Introducing the new Philips Affiniti Ultrasound at Carlsbad Imaging Center
The new Philips Affiniti ultrasound system delivers the right balance of elegance and precision engineering.
Key features include:
- Crisp, clear images that enable fast, confident diagnosis and reduce the need for additional exams.
- Philips’ PureWave transducer technology, delivering excellent image quality with little or no need for image adjustment for technically difficult patients.
- Anatomical Intelligent Ultrasound, providing automatic anatomy recognition and quantification, making it easy to perform exams and quickly deliver new levels of clinical information. It is the only system in its class with PureWave Imaging which features a wide dynamic range to deliver superb spatial and contrast resolution, outstanding tissue uniformity, fewer artifacts and reduced image clutter.
- Outstanding image quality combines with advanced clinical functionality, including elastography, contrast-enhanced ultrasound (CEUS), and Anatomical Intelligence Ultrasound (AIUS).
Ultrasound is a useful way of examining many of the body’s internal organs, including but not limited to the heart, liver, gallbladder, spleen, pancreas, kidneys, and bladder.
Carlsbad Imaging and Imperial Radiology offer advanced ultrasound technology. This high-resolution scanning can be performed, not only of the fetus, but of the abdominal and pelvic organs, and also of the vascular and musculoskeletal systems. It is used for the most delicate conditions without major side effects and provides extremely detailed images.
With our color Doppler imaging capabilities, we offer extremely accurate anatomic visualization, as well as valuable physiologic information of the arteries and veins in the neck, abdomen, legs and arms. Ultrasound is non-invasive, allowing physicians to diagnose without entering the body with dyes, radiation or exploratory surgery.
What is General Ultrasound Imaging?
Ultrasound imaging, also called ultrasound scanning or sonography, is a method of obtaining images from inside the human body through the use of high-frequency sound waves. The reflected sound wave echoes are recorded and displayed as a real-time visual image. No ionizing radiation (x-ray) is involved in ultrasound imaging. Obstetric ultrasound refers to the specialized use of sound waves to visualize and thus determine the condition of a pregnant woman and her embryo or fetus.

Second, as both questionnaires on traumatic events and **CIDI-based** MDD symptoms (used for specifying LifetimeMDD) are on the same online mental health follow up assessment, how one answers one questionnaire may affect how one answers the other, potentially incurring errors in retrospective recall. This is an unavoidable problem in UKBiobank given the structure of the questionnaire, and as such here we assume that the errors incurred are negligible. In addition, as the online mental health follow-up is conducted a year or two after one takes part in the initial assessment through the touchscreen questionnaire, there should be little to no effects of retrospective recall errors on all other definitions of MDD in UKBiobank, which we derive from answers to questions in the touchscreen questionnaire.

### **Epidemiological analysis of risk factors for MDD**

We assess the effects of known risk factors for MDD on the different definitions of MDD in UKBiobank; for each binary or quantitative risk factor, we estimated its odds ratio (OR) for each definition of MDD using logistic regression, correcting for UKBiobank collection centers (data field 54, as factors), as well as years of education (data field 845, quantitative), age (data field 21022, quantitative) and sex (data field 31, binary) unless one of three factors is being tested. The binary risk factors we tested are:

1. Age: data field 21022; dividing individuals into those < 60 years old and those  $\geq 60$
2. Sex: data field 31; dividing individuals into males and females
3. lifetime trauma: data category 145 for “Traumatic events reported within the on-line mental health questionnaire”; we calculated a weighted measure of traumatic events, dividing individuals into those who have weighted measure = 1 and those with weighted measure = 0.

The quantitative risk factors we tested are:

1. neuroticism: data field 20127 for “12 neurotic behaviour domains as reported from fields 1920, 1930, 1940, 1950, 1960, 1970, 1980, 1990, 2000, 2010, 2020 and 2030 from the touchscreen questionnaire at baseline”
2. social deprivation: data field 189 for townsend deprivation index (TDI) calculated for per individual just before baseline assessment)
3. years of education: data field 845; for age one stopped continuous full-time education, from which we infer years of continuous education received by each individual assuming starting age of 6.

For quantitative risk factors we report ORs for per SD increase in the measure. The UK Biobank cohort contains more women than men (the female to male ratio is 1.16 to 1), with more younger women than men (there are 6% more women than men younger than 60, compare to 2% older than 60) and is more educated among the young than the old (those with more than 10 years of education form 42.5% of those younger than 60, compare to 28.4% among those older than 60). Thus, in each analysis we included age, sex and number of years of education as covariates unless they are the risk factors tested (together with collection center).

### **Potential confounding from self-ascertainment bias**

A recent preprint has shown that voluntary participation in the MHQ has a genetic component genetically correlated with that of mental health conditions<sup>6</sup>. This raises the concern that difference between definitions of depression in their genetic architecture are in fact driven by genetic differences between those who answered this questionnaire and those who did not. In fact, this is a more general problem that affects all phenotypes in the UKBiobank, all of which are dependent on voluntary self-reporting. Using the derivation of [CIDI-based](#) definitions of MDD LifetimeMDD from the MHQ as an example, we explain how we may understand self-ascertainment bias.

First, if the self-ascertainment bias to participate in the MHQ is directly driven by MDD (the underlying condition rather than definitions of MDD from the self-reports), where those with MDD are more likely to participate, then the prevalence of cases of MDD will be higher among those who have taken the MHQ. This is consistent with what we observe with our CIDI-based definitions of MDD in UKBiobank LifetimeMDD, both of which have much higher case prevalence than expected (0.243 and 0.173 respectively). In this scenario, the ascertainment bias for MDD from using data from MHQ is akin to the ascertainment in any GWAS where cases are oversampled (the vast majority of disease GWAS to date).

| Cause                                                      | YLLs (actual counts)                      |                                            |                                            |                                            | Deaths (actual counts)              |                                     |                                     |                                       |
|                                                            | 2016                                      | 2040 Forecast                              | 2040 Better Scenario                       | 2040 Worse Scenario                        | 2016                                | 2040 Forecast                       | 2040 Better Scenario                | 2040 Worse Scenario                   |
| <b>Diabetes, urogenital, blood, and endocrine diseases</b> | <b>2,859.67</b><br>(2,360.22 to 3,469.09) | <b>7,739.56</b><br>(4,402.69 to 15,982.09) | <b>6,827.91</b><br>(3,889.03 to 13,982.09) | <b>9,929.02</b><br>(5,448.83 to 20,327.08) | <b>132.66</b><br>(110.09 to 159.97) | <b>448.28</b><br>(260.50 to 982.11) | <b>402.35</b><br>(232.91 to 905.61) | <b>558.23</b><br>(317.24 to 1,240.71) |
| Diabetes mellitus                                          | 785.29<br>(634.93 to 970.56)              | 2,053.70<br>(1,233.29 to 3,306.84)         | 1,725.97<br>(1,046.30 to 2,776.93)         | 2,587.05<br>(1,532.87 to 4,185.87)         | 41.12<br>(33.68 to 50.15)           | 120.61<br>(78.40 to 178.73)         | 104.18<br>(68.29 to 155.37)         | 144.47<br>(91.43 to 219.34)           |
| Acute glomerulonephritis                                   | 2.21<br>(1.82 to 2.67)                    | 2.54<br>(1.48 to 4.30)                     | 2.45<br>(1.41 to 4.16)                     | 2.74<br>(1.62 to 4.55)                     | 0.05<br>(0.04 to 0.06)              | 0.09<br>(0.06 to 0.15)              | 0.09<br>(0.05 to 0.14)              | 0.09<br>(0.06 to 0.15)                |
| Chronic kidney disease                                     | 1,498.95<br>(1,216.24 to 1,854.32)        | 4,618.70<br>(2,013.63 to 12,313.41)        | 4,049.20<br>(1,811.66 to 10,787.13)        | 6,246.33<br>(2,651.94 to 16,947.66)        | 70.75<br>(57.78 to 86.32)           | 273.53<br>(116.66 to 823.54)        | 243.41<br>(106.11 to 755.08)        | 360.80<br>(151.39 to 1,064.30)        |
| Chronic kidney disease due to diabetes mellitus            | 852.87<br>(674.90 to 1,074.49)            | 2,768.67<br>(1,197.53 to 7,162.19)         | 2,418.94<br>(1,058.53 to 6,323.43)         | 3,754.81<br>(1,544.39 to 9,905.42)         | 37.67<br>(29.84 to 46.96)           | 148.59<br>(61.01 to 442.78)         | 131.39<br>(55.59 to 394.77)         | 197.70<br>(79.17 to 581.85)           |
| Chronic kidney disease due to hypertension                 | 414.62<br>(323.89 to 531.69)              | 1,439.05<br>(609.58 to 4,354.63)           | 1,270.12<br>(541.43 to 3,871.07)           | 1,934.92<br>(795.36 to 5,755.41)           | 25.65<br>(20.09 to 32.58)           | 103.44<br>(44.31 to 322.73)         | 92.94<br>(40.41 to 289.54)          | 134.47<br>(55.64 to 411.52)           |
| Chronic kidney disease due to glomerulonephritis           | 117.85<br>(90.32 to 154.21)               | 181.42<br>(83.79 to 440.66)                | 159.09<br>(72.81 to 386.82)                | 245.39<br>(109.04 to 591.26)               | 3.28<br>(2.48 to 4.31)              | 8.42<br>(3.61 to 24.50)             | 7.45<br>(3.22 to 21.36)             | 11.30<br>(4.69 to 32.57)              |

Ultrasound is a useful way of examining many of the body’s internal organs, including but not limited to the heart, liver, gallbladder, spleen, pancreas, kidneys, and bladder. Because ultrasound images are captured in real time, they can show movement of internal tissues and organs and enable physicians to see blood flow.
Ultrasound imaging is based on the same principles involved in the sonar used by bats, ships at sea and anglers with fish detectors. As the sound passes through the body, echoes are produced that can be used to identify how far away an object is, how large it is, its shape and its consistency (fluid, solid or mixed).
What are the benefits vs. risks of ultrasound?
- Ultrasound scanning is noninvasive (no needles or injections) and is usually painless.
- Ultrasound is widely available and easy to use.
- Ultrasound uses no ionizing radiation and is the preferred image modality for diagnosis and monitoring of pregnant women and their unborn infants.
- Ultrasound images can visualize structure, movement and live function in the body’s organs and blood vessels.
For standard diagnostic ultrasound there are no known harmful effects on humans.
How to prepare for ultrasound?
You should wear comfortable, loose-fitting clothing for your ultrasound exam. Other preparation depends on the type of examination you will have. For some scans, such as abdominal exam, the center may instruct you not to eat or drink for 6-8 hours before your appointment. For other scans, such as pelvic exam, you may be asked to drink up to 6 glasses of water two hours prior to your exam and avoid urinating so that your bladder is full when the scan begins.
Abdomen: No food or liquids for 8 hours prior to your exam. Take your medication as usual, a little bit of water is ok.
Renal: Full bladder required. Drink up to 6 glasses and do not urinate prior to the study.
Pelvic Ultrasound: Full bladder required. Drink up to 6 glasses and do not urinate prior to the study.
What happens during the ultrasound procedure?
Most ultrasound examinations are painless, fast and easy. You will lie on your back on an examining table. The technologist will spread gel on your skin and then press the transducer against your body, moving it until the desired images are captured. The examination usually takes less than 30 minutes.